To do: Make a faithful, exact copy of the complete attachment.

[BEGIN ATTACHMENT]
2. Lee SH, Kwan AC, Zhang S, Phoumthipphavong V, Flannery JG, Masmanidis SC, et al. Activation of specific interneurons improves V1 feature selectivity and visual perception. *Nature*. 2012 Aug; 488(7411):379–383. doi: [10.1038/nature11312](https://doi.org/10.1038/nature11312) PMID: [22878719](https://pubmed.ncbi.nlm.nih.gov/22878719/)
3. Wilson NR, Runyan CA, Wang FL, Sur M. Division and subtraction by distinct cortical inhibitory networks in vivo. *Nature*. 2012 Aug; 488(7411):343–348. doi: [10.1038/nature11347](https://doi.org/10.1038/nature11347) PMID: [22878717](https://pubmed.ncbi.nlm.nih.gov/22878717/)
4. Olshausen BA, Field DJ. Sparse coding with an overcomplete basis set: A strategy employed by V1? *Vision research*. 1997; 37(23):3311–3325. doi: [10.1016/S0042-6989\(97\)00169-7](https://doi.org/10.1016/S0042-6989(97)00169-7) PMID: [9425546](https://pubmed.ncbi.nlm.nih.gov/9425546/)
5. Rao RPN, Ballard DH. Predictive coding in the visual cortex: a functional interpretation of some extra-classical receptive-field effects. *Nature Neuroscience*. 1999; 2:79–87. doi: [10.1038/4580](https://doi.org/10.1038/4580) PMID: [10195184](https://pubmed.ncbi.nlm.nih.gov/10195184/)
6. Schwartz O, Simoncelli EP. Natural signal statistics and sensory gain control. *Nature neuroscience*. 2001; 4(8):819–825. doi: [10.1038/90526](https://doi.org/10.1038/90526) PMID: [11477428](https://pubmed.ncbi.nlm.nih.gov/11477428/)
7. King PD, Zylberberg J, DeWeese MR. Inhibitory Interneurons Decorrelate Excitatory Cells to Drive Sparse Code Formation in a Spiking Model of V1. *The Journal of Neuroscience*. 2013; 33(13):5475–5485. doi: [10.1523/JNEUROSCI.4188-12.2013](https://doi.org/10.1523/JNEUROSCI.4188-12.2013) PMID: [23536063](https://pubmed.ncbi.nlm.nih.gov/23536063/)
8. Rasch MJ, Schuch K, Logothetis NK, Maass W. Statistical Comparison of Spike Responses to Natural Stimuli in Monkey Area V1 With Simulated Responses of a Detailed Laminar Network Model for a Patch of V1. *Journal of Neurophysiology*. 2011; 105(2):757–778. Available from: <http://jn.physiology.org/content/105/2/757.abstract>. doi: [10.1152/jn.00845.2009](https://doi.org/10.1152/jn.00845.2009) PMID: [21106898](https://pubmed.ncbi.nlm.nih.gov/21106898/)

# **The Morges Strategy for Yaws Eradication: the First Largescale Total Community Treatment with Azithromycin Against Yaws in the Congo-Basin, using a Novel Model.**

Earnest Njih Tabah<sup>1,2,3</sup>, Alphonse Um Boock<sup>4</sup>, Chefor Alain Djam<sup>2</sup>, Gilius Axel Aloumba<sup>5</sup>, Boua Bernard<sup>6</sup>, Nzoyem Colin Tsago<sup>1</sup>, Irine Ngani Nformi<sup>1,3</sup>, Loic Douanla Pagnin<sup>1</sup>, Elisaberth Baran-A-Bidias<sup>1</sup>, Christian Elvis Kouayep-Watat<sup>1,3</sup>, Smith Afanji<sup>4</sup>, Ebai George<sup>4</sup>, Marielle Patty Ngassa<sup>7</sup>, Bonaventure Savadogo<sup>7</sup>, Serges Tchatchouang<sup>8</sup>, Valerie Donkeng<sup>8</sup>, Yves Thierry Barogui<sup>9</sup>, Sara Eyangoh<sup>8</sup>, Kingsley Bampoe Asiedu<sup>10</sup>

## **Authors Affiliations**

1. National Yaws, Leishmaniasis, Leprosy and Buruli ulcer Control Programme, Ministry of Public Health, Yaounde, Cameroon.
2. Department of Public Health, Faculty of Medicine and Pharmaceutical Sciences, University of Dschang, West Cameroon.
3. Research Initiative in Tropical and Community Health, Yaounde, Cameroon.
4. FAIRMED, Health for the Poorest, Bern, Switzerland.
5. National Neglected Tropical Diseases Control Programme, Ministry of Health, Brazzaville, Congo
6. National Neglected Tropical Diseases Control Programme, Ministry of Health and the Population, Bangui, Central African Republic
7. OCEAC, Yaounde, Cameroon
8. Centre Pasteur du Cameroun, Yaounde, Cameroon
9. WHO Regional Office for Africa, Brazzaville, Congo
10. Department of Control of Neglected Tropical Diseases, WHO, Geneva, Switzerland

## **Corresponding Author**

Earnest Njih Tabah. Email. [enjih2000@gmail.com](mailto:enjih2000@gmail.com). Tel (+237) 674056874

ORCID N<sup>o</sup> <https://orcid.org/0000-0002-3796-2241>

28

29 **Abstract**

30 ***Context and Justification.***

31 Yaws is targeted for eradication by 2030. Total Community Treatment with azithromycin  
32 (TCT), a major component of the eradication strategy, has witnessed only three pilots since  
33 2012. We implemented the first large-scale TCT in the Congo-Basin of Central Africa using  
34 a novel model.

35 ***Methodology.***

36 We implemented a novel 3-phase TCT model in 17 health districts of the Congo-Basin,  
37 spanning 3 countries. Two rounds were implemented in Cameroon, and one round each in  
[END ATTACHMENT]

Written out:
2. Lee SH, Kwan AC, Zhang S, Phoumthipphavong V, Flannery JG, Masmanidis SC, et al. Activation of specific interneurons improves V1 feature selectivity and visual perception. *Nature*. 2012 Aug; 488(7411):379–383. doi: [10.1038/nature11312](https://doi.org/10.1038/nature11312) PMID: [22878719](https://pubmed.ncbi.nlm.nih.gov/22878719/)
3. Wilson NR, Runyan CA, Wang FL, Sur M. Division and subtraction by distinct cortical inhibitory networks in vivo. *Nature*. 2012 Aug; 488(7411):343–348. doi: [10.1038/nature11347](https://doi.org/10.1038/nature11347) PMID: [22878717](https://pubmed.ncbi.nlm.nih.gov/22878717/)
4. Olshausen BA, Field DJ. Sparse coding with an overcomplete basis set: A strategy employed by V1? *Vision research*. 1997; 37(23):3311–3325. doi: [10.1016/S0042-6989\(97\)00169-7](https://doi.org/10.1016/S0042-6989(97)00169-7) PMID: [9425546](https://pubmed.ncbi.nlm.nih.gov/9425546/)
5. Rao RPN, Ballard DH. Predictive coding in the visual cortex: a functional interpretation of some extra-classical receptive-field effects. *Nature Neuroscience*. 1999; 2:79–87. doi: [10.1038/4580](https://doi.org/10.1038/4580) PMID: [10195184](https://pubmed.ncbi.nlm.nih.gov/10195184/)
6. Schwartz O, Simoncelli EP. Natural signal statistics and sensory gain control. *Nature neuroscience*. 2001; 4(8):819–825. doi: [10.1038/90526](https://doi.org/10.1038/90526) PMID: [11477428](https://pubmed.ncbi.nlm.nih.gov/11477428/)
7. King PD, Zylberberg J, DeWeese MR. Inhibitory Interneurons Decorrelate Excitatory Cells to Drive Sparse Code Formation in a Spiking Model of V1. *The Journal of Neuroscience*. 2013; 33(13):5475–5485. doi: [10.1523/JNEUROSCI.4188-12.2013](https://doi.org/10.1523/JNEUROSCI.4188-12.2013) PMID: [23536063](https://pubmed.ncbi.nlm.nih.gov/23536063/)
8. Rasch MJ, Schuch K, Logothetis NK, Maass W. Statistical Comparison of Spike Responses to Natural Stimuli in Monkey Area V1 With Simulated Responses of a Detailed Laminar Network Model for a Patch of V1. *Journal of Neurophysiology*. 2011; 105(2):757–778. Available from: <http://jn.physiology.org/content/105/2/757.abstract>. doi: [10.1152/jn.00845.2009](https://doi.org/10.1152/jn.00845.2009) PMID: [21106898](https://pubmed.ncbi.nlm.nih.gov/21106898/)

# **The Morges Strategy for Yaws Eradication: the First Largescale Total Community Treatment with Azithromycin Against Yaws in the Congo-Basin, using a Novel Model.**

Earnest Njih Tabah<sup>1,2,3</sup>, Alphonse Um Boock<sup>4</sup>, Chefor Alain Djam<sup>2</sup>, Gilius Axel Aloumba<sup>5</sup>, Boua Bernard<sup>6</sup>, Nzoyem Colin Tsago<sup>1</sup>, Irine Ngani Nformi<sup>1,3</sup>, Loic Douanla Pagnin<sup>1</sup>, Elisaberth Baran-A-Bidias<sup>1</sup>, Christian Elvis Kouayep-Watat<sup>1,3</sup>, Smith Afanji<sup>4</sup>, Ebai George<sup>4</sup>, Marielle Patty Ngassa<sup>7</sup>, Bonaventure Savadogo<sup>7</sup>, Serges Tchatchouang<sup>8</sup>, Valerie Donkeng<sup>8</sup>, Yves Thierry Barogui<sup>9</sup>, Sara Eyangoh<sup>8</sup>, Kingsley Bampoe Asiedu<sup>10</sup>

## **Authors Affiliations**

1. National Yaws, Leishmaniasis, Leprosy and Buruli ulcer Control Programme, Ministry of Public Health, Yaounde, Cameroon.
2. Department of Public Health, Faculty of Medicine and Pharmaceutical Sciences, University of Dschang, West Cameroon.
3. Research Initiative in Tropical and Community Health, Yaounde, Cameroon.
4. FAIRMED, Health for the Poorest, Bern, Switzerland.
5. National Neglected Tropical Diseases Control Programme, Ministry of Health, Brazzaville, Congo
6. National Neglected Tropical Diseases Control Programme, Ministry of Health and the Population, Bangui, Central African Republic
7. OCEAC, Yaounde, Cameroon
8. Centre Pasteur du Cameroun, Yaounde, Cameroon
9. WHO Regional Office for Africa, Brazzaville, Congo
10. Department of Control of Neglected Tropical Diseases, WHO, Geneva, Switzerland

## **Corresponding Author**

Earnest Njih Tabah. Email. [enjih2000@gmail.com](mailto:enjih2000@gmail.com). Tel (+237) 674056874

ORCID N<sup>o</sup> <https://orcid.org/0000-0002-3796-2241>

28

29 **Abstract**

30 ***Context and Justification.***

31 Yaws is targeted for eradication by 2030. Total Community Treatment with azithromycin  
32 (TCT), a major component of the eradication strategy, has witnessed only three pilots since  
33 2012. We implemented the first large-scale TCT in the Congo-Basin of Central Africa using  
34 a novel model.

35 ***Methodology.***

36 We implemented a novel 3-phase TCT model in 17 health districts of the Congo-Basin,  
37 spanning 3 countries. Two rounds were implemented in Cameroon, and one round each in  